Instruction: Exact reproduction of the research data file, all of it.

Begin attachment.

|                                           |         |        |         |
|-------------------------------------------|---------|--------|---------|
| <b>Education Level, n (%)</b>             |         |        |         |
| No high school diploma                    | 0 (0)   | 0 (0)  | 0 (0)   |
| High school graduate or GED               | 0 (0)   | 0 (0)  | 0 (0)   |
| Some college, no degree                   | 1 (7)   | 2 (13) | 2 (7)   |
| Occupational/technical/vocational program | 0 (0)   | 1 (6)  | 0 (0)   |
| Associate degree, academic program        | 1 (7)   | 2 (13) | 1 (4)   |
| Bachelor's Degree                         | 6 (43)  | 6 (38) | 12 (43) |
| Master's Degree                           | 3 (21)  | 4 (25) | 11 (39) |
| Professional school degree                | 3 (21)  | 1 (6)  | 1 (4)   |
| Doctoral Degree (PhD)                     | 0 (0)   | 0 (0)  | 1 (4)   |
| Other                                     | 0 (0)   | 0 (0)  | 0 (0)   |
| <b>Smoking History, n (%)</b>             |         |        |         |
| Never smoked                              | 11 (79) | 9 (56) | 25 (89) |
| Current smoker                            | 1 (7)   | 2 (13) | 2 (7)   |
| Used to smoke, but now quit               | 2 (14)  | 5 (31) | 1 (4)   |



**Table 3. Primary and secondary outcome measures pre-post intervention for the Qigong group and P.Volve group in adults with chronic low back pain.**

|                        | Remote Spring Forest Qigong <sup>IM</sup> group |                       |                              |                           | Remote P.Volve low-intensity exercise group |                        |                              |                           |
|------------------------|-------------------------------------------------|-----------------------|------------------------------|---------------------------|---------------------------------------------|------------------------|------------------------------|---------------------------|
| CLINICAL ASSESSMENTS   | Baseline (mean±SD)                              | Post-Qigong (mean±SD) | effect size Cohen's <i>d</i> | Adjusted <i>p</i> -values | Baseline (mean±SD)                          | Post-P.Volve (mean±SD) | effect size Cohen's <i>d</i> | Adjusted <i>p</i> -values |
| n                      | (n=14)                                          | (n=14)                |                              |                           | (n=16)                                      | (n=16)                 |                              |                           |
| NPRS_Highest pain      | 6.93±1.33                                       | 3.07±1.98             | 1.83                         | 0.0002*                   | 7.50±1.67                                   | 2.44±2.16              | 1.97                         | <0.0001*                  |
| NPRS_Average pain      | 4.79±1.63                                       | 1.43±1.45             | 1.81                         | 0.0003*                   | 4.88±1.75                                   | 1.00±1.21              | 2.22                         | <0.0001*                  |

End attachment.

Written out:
|                                           |         |        |         |
|-------------------------------------------|---------|--------|---------|
| <b>Education Level, n (%)</b>             |         |        |         |
| No high school diploma                    | 0 (0)   | 0 (0)  | 0 (0)   |
| High school graduate or GED               | 0 (0)   | 0 (0)  | 0 (0)   |
| Some college, no degree                   | 1 (7)   | 2 (13) | 2 (7)   |
| Occupational/technical/vocational program | 0 (0)   | 1 (6)  | 0 (0)   |
| Associate degree, academic program        | 1 (7)   | 2 (13) | 1 (4)   |
| Bachelor's Degree                         | 6 (43)  | 6 (38) | 12 (43) |
| Master's Degree                           | 3 (21)  | 4 (25) | 11 (39) |
| Professional school degree                | 3 (21)  | 1 (6)  | 1 (4)   |
| Doctoral Degree (PhD)                     | 0 (0)   | 0 (0)  | 1 (4)   |
| Other                                     | 0 (0)   | 0 (0)  | 0 (0)   |
| <b>Smoking History, n (%)</b>             |         |        |         |
| Never smoked                              | 11 (79) | 9 (56) | 25 (89) |
| Current smoker                            | 1 (7)   | 2 (13) | 2 (7)   |
| Used to smoke, but now quit               | 2 (14)  | 5 (31) | 1 (4)   |



**Table 3. Primary and secondary outcome measures pre-post intervention for the Qigong group and P.Volve group in adults with chronic low back pain.**

|                        | Remote Spring Forest Qigong <sup>IM</sup> group |                       |                              |                           | Remote P.Volve low-intensity exercise group |                        |                              |                           |
|------------------------|-------------------------------------------------|-----------------------|------------------------------|---------------------------|---------------------------------------------|------------------------|------------------------------|---------------------------|
| CLINICAL ASSESSMENTS   | Baseline (mean±SD)                              | Post-Qigong (mean±SD) | effect size Cohen's <i>d</i> | Adjusted <i>p</i> -values | Baseline (mean±SD)                          | Post-P.Volve (mean±SD) | effect size Cohen's <i>d</i> | Adjusted <i>p</i> -values |
| n                      | (n=14)                                          | (n=14)                |                              |                           | (n=16)                                      | (n=16)                 |                              |                           |
| NPRS_Highest pain      | 6.93±1.33                                       | 3.07±1.98             | 1.83                         | 0.0002*                   | 7.50±1.67                                   | 2.44±2.16              | 1.97                         | <0.0001*                  |
| NPRS_Average pain      | 4.79±1.63                                       | 1.43±1.45             | 1.81                         | 0.0003*                   | 4.88±1.75                                   | 1.00±1.21              | 2.22                         | <0.0001*                  |